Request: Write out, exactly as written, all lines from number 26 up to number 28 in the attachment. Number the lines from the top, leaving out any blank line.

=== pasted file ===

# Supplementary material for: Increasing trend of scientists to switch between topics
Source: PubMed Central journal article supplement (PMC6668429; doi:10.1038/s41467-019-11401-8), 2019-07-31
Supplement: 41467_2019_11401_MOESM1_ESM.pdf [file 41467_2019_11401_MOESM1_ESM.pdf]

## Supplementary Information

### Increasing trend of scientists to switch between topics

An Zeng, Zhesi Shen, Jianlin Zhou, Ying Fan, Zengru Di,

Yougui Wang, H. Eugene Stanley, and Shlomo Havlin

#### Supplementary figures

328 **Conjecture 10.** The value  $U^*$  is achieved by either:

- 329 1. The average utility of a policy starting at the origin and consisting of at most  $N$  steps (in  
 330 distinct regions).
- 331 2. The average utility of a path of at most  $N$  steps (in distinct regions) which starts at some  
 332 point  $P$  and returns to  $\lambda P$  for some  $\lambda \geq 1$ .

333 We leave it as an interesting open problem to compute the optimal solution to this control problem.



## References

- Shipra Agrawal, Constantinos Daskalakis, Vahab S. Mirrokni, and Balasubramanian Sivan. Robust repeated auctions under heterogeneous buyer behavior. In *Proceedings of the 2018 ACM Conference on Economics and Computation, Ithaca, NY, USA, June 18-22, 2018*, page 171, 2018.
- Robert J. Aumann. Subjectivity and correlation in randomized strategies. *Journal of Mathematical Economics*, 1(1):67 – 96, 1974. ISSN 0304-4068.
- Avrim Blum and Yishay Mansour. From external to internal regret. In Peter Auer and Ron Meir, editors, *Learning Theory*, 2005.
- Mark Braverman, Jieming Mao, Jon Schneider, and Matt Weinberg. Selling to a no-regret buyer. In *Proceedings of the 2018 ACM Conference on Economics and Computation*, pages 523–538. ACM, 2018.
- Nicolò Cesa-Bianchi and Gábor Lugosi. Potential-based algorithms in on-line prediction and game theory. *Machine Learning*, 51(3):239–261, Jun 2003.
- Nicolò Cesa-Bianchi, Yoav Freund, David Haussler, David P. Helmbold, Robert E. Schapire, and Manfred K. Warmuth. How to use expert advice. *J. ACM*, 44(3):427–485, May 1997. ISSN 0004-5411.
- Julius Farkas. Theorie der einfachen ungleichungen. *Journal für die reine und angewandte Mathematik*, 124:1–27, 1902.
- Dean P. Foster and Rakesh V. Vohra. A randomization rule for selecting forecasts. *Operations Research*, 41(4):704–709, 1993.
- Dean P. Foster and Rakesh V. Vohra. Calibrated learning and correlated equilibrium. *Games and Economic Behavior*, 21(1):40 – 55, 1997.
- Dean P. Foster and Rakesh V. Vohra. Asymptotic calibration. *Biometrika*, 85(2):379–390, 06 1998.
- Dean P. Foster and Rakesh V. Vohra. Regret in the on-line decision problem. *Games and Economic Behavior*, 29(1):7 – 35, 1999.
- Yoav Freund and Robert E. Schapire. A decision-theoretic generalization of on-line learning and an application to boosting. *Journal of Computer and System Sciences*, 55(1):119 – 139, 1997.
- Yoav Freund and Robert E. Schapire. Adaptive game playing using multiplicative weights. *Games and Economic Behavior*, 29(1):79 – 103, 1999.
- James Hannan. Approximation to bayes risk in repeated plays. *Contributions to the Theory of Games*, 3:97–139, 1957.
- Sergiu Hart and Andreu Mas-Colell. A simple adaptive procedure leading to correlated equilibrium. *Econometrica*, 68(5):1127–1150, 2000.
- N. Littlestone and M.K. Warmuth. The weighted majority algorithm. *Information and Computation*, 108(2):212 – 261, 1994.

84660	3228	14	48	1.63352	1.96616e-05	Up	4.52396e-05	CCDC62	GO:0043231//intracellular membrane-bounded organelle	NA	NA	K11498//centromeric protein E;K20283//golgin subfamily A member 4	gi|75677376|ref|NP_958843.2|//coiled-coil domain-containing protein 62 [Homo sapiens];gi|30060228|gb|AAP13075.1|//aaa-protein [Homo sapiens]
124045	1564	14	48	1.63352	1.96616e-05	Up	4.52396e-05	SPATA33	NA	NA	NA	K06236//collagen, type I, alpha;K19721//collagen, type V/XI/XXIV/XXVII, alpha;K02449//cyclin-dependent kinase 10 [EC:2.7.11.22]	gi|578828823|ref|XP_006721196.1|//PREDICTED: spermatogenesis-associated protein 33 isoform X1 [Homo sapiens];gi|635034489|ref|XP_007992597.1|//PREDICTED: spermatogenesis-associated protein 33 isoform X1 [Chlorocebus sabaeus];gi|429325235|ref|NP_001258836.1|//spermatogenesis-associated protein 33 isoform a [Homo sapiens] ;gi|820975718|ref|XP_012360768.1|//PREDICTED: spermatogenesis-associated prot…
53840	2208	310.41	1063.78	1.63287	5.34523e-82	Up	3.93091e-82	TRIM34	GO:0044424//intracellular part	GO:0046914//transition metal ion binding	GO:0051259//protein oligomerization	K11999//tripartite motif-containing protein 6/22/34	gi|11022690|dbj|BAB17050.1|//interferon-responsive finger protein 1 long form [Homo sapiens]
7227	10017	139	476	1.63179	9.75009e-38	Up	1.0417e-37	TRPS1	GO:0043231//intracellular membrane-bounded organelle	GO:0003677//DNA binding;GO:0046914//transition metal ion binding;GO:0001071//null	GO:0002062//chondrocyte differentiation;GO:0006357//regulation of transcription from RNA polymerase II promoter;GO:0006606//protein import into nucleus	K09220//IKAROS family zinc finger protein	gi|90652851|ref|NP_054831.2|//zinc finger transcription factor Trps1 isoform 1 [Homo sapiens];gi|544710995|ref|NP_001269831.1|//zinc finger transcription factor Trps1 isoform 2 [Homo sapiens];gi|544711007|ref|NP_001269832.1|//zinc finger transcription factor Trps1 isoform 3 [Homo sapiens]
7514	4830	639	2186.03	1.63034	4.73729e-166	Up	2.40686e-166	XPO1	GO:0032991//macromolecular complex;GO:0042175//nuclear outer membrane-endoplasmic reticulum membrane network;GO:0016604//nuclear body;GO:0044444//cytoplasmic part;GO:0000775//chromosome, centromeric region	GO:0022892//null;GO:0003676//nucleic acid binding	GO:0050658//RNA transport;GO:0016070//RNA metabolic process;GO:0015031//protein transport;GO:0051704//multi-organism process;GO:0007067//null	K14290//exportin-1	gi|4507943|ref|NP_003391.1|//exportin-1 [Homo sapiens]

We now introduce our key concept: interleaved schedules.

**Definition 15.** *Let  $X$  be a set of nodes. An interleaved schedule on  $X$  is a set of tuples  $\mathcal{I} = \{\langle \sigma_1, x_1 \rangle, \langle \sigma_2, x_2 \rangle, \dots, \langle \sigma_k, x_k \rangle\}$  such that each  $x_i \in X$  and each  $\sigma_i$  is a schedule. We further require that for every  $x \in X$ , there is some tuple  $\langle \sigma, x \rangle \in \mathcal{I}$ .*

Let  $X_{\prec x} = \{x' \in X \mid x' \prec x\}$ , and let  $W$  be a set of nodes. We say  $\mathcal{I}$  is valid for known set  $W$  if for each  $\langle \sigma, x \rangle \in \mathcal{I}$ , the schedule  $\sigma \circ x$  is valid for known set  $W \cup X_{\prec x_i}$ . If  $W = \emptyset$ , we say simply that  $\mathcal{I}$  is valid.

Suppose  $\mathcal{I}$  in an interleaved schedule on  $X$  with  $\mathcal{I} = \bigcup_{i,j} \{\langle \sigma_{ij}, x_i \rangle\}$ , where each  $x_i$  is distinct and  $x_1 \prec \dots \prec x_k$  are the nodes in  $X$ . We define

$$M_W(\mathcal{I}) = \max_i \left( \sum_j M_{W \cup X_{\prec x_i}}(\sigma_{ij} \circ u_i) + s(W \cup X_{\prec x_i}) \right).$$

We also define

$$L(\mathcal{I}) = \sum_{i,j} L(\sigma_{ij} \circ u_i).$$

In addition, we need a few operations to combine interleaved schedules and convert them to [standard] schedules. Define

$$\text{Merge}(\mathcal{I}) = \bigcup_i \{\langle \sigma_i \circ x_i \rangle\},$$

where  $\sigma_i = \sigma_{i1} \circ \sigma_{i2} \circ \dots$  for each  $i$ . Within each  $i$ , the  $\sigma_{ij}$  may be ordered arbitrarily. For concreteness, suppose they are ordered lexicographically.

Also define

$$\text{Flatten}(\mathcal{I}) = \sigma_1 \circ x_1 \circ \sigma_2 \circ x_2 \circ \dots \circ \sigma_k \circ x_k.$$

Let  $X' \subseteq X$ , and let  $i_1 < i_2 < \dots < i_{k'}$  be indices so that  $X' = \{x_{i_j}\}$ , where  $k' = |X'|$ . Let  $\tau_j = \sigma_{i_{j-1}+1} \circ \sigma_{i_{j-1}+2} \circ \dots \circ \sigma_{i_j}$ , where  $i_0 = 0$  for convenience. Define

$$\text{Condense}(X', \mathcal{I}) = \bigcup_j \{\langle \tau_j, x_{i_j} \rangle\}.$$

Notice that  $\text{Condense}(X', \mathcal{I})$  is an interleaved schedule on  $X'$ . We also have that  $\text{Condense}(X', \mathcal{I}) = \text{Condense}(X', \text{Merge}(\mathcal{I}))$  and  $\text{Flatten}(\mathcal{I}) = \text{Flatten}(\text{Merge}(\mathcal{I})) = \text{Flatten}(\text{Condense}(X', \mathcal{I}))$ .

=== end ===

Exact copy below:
- Dean P. Foster and Rakesh V. Vohra. Regret in the on-line decision problem. *Games and Economic Behavior*, 29(1):7 – 35, 1999.
- Yoav Freund and Robert E. Schapire. A decision-theoretic generalization of on-line learning and an application to boosting. *Journal of Computer and System Sciences*, 55(1):119 – 139, 1997.
- Yoav Freund and Robert E. Schapire. Adaptive game playing using multiplicative weights. *Games and Economic Behavior*, 29(1):79 – 103, 1999.